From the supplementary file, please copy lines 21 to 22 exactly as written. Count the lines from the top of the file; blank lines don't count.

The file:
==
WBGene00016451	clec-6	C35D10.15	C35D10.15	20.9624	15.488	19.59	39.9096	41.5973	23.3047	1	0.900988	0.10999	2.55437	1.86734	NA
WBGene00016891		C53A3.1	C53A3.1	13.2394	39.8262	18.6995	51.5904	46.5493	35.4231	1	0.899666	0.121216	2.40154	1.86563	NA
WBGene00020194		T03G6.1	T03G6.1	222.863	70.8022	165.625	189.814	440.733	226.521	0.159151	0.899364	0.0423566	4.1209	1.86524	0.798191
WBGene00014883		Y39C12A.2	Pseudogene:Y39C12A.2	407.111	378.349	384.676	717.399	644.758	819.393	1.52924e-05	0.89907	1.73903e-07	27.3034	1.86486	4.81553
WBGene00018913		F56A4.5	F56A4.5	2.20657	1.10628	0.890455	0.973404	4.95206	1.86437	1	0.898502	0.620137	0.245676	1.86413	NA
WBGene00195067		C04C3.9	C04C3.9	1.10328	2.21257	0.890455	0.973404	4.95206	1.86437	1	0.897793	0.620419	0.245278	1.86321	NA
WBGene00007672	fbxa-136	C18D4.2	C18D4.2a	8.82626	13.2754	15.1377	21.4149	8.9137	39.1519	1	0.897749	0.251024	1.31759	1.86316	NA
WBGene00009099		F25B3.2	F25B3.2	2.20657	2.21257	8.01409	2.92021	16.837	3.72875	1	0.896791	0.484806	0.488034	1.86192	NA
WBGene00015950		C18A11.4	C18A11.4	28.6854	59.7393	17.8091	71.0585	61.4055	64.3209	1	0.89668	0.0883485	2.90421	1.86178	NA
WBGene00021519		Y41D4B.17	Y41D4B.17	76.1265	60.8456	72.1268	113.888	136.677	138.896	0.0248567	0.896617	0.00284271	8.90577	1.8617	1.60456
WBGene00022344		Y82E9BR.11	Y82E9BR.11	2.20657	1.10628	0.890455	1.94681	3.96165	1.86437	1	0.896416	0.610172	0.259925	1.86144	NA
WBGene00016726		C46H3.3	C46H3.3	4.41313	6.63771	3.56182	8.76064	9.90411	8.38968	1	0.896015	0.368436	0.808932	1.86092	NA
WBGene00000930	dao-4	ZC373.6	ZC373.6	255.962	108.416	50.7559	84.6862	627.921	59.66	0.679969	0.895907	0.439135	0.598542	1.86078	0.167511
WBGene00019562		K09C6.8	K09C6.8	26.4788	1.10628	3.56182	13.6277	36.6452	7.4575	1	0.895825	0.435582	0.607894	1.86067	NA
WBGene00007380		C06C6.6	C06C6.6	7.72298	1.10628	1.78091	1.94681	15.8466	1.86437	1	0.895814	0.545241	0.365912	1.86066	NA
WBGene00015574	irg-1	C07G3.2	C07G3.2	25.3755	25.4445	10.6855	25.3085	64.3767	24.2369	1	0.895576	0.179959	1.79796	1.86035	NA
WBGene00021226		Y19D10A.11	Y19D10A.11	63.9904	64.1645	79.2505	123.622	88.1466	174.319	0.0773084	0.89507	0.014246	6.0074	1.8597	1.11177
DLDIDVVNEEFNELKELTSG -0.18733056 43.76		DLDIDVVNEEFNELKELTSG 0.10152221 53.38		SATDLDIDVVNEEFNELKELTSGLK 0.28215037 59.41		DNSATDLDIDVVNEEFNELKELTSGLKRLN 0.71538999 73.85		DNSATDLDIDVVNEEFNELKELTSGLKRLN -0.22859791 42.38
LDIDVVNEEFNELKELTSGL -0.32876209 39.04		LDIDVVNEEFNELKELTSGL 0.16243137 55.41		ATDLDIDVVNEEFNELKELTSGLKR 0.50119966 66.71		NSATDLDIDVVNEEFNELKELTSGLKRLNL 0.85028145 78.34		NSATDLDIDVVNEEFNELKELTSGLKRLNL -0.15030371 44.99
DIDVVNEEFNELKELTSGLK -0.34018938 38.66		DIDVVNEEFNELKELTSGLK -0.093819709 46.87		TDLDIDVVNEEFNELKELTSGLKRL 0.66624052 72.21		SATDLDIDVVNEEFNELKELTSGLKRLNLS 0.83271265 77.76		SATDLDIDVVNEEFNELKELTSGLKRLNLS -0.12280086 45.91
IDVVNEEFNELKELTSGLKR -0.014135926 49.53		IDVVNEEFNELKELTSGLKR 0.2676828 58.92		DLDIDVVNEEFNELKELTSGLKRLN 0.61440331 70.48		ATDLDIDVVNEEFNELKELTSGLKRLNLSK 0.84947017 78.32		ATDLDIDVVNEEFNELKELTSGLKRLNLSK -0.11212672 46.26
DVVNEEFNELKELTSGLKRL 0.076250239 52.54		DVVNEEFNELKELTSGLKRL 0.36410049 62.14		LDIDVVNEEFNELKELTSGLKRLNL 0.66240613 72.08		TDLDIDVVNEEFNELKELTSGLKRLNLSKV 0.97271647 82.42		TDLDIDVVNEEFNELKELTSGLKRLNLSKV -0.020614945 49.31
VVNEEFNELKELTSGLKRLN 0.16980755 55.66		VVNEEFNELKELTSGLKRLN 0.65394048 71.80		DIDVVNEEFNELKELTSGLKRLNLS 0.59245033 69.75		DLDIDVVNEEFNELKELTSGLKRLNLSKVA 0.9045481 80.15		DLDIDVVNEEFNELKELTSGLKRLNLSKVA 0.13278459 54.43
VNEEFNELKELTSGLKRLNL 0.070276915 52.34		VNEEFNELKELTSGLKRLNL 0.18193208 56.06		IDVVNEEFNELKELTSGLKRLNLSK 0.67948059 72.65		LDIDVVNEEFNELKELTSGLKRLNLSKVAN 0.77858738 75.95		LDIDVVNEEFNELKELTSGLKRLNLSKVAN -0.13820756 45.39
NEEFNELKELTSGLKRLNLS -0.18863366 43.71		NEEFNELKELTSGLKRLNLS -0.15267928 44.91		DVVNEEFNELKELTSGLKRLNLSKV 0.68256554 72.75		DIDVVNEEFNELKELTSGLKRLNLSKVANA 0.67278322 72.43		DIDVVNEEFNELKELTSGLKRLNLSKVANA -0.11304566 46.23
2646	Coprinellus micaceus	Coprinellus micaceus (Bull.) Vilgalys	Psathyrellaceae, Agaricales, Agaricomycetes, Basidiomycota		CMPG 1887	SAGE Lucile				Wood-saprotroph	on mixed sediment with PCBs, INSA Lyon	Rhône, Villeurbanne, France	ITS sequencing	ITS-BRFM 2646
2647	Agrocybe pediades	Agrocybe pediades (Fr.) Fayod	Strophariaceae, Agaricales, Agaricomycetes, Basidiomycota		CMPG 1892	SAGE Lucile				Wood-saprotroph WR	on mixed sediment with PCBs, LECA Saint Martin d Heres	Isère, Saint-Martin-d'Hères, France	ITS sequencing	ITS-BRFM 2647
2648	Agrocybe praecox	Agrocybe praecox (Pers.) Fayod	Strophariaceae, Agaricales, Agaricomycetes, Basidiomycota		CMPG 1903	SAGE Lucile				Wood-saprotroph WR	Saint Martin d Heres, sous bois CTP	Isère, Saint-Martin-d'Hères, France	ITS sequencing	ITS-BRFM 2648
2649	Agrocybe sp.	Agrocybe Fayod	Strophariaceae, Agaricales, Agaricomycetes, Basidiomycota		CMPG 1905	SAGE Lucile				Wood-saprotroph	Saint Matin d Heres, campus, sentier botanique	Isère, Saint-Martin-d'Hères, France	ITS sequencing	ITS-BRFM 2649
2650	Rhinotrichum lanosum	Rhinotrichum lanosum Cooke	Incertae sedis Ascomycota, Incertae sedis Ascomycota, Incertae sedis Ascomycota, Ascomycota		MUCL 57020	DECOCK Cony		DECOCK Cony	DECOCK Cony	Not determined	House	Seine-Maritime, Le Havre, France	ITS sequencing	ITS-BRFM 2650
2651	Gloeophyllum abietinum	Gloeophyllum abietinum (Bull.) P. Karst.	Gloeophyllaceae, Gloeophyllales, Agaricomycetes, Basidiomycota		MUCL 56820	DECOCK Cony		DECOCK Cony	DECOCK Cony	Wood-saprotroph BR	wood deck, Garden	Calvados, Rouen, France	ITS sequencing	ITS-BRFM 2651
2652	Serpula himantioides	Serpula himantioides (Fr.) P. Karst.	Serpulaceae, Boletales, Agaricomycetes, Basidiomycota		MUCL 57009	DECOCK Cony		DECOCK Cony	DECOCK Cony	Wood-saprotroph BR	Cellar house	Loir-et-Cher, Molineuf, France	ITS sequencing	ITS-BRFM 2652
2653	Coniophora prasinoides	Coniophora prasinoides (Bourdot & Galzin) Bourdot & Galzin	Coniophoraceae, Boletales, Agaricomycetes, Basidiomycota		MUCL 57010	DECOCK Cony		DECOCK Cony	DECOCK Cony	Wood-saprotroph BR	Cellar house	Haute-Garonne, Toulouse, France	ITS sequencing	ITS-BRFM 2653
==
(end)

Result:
IDVVNEEFNELKELTSGLKR -0.014135926 49.53		IDVVNEEFNELKELTSGLKR 0.2676828 58.92		DLDIDVVNEEFNELKELTSGLKRLN 0.61440331 70.48		ATDLDIDVVNEEFNELKELTSGLKRLNLSK 0.84947017 78.32		ATDLDIDVVNEEFNELKELTSGLKRLNLSK -0.11212672 46.26
DVVNEEFNELKELTSGLKRL 0.076250239 52.54		DVVNEEFNELKELTSGLKRL 0.36410049 62.14		LDIDVVNEEFNELKELTSGLKRLNL 0.66240613 72.08		TDLDIDVVNEEFNELKELTSGLKRLNLSKV 0.97271647 82.42		TDLDIDVVNEEFNELKELTSGLKRLNLSKV -0.020614945 49.31